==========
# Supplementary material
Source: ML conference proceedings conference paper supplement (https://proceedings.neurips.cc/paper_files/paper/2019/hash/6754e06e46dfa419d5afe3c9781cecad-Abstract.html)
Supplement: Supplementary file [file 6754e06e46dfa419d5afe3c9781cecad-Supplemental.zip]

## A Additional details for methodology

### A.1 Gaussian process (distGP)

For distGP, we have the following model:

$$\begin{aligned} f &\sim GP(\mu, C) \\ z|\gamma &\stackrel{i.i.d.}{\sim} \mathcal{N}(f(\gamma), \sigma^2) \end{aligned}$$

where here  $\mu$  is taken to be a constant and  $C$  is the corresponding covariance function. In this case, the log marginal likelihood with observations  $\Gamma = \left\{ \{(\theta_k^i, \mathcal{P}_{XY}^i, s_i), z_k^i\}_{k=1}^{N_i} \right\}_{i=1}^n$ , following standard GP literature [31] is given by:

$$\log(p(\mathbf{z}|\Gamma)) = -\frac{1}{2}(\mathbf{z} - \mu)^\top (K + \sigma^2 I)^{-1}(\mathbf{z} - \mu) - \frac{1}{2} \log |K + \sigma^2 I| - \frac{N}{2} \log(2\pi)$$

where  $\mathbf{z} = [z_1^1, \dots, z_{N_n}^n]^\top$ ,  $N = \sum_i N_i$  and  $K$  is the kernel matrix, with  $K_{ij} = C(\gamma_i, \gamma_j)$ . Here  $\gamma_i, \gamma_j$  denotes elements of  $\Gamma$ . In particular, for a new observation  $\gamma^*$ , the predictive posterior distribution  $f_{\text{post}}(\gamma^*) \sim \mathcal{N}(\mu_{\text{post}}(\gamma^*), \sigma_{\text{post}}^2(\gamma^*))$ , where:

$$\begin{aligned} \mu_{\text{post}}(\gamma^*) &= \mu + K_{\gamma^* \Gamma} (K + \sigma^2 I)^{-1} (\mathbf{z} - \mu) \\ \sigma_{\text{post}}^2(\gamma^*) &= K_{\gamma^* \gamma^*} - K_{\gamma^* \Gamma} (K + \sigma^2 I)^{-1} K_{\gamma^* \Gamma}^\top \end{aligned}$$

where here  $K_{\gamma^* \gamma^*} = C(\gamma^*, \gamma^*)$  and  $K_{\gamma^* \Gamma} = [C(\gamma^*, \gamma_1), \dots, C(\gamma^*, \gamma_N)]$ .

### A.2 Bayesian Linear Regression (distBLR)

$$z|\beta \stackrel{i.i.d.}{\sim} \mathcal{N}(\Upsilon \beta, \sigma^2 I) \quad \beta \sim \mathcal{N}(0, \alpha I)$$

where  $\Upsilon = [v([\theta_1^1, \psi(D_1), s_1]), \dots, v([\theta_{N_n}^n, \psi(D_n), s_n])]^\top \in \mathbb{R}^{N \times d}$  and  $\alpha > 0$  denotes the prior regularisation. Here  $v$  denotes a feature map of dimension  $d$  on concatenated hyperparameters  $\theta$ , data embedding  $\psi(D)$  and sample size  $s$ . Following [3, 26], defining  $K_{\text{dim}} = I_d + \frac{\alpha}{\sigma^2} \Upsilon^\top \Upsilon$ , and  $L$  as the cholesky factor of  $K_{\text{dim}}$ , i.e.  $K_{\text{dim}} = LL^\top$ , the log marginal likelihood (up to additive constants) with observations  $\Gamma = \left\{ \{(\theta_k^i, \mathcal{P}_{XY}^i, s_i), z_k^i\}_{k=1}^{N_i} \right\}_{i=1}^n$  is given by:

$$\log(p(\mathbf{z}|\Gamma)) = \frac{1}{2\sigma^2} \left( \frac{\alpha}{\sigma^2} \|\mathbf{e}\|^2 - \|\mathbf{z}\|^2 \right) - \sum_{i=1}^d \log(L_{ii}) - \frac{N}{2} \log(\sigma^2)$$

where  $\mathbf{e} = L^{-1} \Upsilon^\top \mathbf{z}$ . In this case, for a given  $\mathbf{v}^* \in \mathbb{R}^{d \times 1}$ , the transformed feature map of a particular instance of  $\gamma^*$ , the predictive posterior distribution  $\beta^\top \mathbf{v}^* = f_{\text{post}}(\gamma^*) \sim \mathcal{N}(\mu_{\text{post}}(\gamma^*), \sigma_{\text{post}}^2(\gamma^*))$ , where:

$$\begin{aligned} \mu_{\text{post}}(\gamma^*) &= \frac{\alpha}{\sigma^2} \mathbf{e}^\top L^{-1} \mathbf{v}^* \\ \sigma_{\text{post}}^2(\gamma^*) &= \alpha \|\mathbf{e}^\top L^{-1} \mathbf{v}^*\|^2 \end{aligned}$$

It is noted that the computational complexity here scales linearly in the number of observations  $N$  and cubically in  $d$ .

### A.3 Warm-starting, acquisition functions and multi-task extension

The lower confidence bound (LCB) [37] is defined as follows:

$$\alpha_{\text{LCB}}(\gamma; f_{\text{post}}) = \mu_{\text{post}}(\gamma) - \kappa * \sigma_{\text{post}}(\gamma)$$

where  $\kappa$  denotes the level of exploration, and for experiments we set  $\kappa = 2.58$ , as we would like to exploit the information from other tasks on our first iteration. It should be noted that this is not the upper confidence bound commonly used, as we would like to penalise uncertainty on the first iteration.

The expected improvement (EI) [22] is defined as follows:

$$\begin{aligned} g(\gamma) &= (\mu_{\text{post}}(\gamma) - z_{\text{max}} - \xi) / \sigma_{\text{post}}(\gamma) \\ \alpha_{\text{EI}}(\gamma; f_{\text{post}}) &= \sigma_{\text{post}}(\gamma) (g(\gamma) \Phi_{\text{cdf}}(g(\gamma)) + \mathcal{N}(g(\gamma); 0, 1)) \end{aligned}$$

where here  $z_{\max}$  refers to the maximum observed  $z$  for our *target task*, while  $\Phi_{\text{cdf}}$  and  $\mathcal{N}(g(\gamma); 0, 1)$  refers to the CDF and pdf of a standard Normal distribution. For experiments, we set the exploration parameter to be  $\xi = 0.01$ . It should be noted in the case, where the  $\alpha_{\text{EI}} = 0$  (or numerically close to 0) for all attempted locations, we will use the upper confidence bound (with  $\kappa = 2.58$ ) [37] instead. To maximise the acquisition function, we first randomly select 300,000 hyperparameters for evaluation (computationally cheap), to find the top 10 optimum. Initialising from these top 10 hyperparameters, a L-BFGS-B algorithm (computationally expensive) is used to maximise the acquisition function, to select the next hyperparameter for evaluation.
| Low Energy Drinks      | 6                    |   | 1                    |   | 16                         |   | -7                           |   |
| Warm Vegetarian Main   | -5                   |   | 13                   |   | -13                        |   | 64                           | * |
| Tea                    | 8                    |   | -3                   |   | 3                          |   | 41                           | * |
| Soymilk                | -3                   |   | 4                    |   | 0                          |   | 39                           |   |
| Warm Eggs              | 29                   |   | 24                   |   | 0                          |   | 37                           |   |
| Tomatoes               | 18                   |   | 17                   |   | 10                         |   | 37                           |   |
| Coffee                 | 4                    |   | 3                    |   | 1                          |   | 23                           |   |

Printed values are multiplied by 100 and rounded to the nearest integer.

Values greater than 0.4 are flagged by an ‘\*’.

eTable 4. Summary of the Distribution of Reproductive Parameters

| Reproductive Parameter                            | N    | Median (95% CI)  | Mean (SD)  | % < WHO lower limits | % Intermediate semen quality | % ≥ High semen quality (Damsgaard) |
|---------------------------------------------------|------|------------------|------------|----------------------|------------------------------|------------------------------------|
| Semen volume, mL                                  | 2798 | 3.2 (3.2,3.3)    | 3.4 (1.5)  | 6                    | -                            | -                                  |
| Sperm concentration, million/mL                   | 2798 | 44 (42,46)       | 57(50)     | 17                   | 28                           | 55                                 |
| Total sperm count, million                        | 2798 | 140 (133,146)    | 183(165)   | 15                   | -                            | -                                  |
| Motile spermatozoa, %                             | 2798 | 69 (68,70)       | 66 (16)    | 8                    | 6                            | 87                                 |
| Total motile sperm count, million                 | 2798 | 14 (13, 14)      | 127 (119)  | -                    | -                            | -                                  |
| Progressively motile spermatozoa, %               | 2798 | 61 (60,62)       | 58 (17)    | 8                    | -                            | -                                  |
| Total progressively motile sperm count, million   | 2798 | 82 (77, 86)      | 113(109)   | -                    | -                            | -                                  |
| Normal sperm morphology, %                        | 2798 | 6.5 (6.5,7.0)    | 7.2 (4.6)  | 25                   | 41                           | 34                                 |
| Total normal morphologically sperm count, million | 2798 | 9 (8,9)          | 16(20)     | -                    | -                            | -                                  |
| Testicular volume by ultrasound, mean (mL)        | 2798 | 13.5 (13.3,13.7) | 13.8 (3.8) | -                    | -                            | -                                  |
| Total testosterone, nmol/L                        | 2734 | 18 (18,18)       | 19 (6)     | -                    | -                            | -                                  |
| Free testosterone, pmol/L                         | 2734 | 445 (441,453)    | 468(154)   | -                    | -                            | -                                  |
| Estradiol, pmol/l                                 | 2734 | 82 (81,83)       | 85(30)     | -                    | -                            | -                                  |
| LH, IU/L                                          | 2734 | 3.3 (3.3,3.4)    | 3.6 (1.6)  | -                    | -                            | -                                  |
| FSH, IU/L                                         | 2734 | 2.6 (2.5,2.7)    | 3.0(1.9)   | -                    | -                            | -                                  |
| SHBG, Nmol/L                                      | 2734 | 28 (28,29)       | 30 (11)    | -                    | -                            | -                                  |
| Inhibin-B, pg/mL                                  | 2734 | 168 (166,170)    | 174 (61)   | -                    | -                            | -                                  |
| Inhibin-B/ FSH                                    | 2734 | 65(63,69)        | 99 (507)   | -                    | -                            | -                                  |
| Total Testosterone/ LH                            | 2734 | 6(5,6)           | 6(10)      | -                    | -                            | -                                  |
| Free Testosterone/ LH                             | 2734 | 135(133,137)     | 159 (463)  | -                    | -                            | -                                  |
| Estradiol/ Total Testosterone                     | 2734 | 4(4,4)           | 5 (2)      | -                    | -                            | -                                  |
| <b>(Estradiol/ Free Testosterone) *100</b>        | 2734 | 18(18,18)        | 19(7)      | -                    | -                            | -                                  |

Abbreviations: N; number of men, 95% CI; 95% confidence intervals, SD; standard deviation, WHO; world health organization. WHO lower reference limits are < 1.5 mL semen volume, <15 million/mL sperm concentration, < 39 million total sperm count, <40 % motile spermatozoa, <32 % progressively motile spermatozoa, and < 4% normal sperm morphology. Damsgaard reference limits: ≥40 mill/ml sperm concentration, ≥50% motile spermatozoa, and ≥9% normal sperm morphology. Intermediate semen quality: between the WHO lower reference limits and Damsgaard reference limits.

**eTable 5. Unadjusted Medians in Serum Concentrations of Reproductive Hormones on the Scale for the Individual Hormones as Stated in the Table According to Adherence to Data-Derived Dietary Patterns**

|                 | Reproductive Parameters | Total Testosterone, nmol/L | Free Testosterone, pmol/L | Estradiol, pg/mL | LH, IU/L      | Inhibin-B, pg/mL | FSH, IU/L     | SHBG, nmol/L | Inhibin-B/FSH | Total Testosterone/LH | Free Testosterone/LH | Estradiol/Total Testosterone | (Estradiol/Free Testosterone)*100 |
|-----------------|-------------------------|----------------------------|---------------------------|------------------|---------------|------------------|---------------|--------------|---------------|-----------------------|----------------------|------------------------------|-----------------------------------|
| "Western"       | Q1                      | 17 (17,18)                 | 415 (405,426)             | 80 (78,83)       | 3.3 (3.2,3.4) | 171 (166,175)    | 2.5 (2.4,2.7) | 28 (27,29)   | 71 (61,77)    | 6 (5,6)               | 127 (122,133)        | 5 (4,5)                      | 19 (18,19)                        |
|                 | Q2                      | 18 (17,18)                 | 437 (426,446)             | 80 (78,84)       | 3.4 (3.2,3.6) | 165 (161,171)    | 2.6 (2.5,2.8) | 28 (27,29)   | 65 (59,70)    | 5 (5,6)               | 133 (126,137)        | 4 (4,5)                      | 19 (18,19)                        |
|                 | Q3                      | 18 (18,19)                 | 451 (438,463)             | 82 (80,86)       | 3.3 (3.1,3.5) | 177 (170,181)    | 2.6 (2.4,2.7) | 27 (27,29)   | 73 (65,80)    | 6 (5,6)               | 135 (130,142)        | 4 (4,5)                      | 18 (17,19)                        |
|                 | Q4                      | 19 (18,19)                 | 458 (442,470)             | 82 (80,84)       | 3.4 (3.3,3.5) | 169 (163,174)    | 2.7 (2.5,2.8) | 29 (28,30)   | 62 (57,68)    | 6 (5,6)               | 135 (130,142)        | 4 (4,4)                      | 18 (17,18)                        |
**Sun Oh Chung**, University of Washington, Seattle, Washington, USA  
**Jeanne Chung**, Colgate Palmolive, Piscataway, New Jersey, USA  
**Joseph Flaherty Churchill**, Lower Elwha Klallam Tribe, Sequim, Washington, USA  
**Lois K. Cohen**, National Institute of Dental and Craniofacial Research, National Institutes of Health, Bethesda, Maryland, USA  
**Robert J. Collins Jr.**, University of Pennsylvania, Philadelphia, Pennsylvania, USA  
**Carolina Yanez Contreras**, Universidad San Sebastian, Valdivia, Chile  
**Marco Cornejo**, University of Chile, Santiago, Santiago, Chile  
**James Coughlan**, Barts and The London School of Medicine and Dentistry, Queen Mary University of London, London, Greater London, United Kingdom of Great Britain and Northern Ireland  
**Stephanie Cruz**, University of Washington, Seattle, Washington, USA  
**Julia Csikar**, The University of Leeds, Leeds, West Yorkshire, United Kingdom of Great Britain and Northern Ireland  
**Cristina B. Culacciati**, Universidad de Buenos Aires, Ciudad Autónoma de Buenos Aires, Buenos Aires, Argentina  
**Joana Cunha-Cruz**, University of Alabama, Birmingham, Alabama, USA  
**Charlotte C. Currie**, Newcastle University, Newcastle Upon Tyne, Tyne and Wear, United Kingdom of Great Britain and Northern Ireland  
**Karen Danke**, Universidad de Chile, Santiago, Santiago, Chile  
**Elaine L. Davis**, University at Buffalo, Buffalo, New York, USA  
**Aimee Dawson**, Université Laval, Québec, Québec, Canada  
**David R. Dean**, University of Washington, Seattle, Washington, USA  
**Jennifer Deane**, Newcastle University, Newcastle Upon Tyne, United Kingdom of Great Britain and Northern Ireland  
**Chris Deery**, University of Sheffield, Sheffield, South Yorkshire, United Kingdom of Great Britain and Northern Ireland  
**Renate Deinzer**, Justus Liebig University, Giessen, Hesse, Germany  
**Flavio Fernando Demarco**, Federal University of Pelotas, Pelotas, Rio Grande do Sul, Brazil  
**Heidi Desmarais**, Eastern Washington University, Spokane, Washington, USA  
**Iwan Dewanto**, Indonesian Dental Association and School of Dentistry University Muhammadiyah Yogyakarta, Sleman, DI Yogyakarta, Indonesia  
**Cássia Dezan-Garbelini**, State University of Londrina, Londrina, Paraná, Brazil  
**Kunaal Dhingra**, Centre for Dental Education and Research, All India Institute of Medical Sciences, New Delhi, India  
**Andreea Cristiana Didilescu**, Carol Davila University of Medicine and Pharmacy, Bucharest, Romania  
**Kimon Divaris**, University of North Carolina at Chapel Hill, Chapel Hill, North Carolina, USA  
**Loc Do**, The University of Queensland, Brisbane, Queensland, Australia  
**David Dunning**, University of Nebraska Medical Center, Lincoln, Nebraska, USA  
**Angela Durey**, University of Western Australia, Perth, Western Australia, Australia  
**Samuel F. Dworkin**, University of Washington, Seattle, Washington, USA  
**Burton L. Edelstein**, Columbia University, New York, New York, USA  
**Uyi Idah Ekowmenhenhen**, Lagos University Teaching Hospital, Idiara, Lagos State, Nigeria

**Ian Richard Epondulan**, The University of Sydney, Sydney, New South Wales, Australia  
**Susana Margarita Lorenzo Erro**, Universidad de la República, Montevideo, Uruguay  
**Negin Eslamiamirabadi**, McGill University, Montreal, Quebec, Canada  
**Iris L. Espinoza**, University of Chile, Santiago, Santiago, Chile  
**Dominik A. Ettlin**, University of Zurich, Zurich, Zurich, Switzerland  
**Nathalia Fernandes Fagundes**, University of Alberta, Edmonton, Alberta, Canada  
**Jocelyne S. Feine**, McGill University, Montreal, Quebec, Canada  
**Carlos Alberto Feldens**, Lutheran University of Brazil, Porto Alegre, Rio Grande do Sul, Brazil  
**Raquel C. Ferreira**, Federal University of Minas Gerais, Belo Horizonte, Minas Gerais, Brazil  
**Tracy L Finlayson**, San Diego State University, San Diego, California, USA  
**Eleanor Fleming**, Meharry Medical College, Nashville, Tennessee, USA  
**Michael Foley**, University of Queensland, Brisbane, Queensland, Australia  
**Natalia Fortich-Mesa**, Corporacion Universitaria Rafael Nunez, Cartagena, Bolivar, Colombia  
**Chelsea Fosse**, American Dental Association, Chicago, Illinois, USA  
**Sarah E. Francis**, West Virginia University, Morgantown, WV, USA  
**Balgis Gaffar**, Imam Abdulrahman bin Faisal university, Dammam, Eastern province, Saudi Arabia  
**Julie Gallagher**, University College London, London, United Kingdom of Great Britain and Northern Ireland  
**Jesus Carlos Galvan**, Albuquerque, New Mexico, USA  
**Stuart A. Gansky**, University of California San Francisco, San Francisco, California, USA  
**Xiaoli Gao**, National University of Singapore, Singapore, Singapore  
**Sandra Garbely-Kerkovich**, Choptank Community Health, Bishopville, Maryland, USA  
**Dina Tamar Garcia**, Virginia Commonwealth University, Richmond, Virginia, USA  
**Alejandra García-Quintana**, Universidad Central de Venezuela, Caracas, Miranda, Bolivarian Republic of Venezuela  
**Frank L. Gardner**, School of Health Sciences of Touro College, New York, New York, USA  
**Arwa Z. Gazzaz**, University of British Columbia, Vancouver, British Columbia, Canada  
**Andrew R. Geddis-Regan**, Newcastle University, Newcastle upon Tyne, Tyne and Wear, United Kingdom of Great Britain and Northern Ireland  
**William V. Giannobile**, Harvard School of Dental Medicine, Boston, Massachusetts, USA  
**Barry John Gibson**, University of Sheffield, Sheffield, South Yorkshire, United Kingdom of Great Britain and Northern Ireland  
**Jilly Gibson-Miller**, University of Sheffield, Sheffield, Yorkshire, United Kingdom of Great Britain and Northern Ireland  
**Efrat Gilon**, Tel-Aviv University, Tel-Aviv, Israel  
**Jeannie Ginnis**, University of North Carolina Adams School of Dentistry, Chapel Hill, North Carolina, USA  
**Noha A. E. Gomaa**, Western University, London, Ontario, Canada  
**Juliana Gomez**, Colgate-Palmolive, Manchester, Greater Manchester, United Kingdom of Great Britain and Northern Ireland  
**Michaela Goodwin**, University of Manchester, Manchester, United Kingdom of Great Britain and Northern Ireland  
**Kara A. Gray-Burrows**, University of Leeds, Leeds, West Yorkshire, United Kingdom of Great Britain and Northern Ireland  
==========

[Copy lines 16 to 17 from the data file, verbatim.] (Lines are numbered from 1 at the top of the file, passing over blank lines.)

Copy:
$$\log(p(\mathbf{z}|\Gamma)) = \frac{1}{2\sigma^2} \left( \frac{\alpha}{\sigma^2} \|\mathbf{e}\|^2 - \|\mathbf{z}\|^2 \right) - \sum_{i=1}^d \log(L_{ii}) - \frac{N}{2} \log(\sigma^2)$$

where  $\mathbf{e} = L^{-1} \Upsilon^\top \mathbf{z}$ . In this case, for a given  $\mathbf{v}^* \in \mathbb{R}^{d \times 1}$ , the transformed feature map of a particular instance of  $\gamma^*$ , the predictive posterior distribution  $\beta^\top \mathbf{v}^* = f_{\text{post}}(\gamma^*) \sim \mathcal{N}(\mu_{\text{post}}(\gamma^*), \sigma_{\text{post}}^2(\gamma^*))$ , where: